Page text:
I adopted a similar hands-off approach at the 3-Day, but after the first rest stop of the day, I just happened to glance down at the Nano's display. The route had measured 21â2 miles, but my workout had been "paused" and said I had walked only a mile.
No problem. I resumed the workout and headed out.
I didn't look at the Nano again until the lunch break, about 12 miles in. Again my workout had been paused, and the display read only about five miles walked.
Not even close
The pattern repeated no matter what I did. By day's end, I had walked close to 20 miles, but the Nano had recorded only 9.81.
Day Two was a little better. I thought I somehow must have bumped into the pause button accidentally the day before and made sure at every rest stop that the workout was being recorded and turned on the "lock" button on my Nano, essentially turning off the pause - and all other - buttons.
Again, however, for one leg the workout paused itself.
So, though I had walked close to 21 miles, it recorded only 18.29.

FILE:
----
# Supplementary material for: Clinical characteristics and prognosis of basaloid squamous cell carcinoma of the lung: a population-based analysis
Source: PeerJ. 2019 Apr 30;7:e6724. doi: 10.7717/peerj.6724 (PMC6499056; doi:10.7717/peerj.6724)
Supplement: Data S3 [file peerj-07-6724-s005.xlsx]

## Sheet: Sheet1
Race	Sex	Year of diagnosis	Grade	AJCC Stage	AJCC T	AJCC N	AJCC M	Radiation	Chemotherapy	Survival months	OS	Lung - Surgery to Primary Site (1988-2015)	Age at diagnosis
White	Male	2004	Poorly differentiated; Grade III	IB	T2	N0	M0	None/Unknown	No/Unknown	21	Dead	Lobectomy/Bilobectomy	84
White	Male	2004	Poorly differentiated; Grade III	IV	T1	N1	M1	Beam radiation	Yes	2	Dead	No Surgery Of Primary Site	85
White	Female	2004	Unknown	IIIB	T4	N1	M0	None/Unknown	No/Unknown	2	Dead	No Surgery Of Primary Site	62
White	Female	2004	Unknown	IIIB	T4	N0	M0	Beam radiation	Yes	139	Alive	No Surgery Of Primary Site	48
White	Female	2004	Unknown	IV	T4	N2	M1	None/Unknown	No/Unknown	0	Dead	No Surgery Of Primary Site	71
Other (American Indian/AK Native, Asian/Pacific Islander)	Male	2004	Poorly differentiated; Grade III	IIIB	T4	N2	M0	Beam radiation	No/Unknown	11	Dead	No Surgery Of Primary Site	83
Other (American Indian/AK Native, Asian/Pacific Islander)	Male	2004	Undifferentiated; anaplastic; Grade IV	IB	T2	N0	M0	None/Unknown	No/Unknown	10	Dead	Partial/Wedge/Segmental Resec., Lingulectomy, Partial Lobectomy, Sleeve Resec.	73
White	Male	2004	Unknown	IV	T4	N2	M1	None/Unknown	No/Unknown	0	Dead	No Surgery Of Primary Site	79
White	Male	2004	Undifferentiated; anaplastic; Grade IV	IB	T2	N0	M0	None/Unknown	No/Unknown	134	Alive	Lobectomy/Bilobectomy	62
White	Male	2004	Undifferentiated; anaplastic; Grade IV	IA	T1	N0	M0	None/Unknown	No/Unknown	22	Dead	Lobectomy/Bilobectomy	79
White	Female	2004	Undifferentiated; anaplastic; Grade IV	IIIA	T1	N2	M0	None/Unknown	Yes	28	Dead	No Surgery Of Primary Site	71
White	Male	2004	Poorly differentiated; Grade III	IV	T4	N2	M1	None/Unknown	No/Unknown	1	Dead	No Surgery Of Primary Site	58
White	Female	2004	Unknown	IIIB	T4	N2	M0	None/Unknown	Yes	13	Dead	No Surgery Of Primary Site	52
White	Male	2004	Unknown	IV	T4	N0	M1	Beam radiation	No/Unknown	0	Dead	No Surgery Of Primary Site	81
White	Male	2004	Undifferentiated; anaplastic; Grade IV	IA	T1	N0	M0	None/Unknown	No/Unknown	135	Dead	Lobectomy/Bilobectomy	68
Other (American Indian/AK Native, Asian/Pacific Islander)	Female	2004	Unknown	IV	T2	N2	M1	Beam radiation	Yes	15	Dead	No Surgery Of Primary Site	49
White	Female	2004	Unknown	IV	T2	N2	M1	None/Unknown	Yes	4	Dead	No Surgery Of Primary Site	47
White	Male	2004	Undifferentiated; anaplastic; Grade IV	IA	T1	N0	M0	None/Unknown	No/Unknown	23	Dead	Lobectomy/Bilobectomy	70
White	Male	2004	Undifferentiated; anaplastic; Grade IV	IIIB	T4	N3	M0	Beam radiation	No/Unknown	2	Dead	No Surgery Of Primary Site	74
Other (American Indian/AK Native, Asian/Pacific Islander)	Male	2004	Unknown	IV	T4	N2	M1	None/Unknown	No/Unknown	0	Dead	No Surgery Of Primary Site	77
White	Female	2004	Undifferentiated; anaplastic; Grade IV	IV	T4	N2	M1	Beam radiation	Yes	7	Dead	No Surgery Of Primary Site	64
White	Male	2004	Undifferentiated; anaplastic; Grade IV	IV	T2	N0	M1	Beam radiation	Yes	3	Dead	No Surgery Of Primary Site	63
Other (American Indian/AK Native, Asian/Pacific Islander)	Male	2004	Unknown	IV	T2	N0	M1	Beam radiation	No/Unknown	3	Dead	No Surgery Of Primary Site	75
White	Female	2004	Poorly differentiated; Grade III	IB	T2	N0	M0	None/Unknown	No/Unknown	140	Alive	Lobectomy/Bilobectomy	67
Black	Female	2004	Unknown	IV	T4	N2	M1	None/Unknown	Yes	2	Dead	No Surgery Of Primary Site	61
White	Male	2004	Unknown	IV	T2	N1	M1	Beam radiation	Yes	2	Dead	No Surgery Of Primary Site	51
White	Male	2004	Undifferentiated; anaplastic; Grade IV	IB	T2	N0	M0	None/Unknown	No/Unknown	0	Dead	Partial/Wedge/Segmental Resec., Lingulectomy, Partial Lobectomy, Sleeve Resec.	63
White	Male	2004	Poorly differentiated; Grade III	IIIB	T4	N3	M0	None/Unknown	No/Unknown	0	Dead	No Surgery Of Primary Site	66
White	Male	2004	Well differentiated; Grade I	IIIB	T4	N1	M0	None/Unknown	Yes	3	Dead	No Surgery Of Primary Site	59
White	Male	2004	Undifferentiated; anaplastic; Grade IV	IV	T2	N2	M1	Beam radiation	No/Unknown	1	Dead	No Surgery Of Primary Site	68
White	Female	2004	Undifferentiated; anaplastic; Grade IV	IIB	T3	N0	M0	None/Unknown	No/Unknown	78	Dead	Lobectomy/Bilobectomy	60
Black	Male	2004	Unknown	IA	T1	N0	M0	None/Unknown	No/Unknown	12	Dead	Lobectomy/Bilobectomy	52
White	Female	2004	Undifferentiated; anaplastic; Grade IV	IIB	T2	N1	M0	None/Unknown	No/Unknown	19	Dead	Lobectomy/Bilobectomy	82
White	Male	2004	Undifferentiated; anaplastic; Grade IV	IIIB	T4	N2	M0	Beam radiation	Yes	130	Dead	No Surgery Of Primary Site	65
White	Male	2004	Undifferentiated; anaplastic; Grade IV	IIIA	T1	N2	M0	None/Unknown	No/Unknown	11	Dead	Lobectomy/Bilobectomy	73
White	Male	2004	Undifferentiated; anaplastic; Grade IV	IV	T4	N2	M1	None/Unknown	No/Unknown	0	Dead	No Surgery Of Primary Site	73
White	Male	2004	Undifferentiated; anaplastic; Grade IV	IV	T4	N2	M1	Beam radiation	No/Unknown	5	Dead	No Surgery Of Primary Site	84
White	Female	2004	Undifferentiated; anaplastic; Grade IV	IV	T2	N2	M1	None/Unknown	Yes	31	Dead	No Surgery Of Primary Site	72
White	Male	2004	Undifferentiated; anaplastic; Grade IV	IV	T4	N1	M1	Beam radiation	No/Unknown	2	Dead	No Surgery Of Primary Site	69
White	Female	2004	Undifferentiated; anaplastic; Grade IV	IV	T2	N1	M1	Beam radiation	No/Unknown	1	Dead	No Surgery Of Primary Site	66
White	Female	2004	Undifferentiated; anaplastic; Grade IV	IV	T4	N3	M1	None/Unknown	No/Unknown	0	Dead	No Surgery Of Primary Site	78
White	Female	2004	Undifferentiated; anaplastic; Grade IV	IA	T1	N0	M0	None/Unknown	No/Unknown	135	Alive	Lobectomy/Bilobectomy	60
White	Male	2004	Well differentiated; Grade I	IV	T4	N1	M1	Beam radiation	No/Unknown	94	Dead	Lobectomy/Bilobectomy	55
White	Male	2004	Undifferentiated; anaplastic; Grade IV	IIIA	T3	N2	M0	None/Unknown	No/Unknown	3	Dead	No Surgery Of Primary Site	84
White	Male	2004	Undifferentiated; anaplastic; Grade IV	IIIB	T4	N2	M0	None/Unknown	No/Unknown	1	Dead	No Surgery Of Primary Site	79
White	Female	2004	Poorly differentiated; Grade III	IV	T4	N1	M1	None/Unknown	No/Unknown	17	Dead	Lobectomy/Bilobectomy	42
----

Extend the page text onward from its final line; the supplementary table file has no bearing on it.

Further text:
Day Three was more of the same. Miles walked: close to 18. Miles registered: 4.77.
The frustrating thing is, I have no idea why the recording failed. I'm no Nano newbie, so it's not that I'm overwhelmed by the technology. The battery is good. I locked out the pause button. Each sensor is tuned to a specific receiver, so even if the 1,499 other walkers were using Nike + iPod's, we shouldn't interfere with each other.
In fairness, I'll admit I was using the thing without headphones. They're prohibited during the 3-Day. Had I had my earbuds in, honey voice likely would have told me my workout had been paused, or my sensor had been lost. I would have known, at least, that the workout wasn't being recorded and could have rectified it.
As it is, though, I'm mystified why the thing failed.
And it's too bad.
I liked seeing that since July 29 my Nano and I have done 41 workouts together totaling 161.57 miles over 45.46 hours and having burned 19,521 calories.
I like the numbers my Nike + iPod gave me. Too bad I can't completely trust them.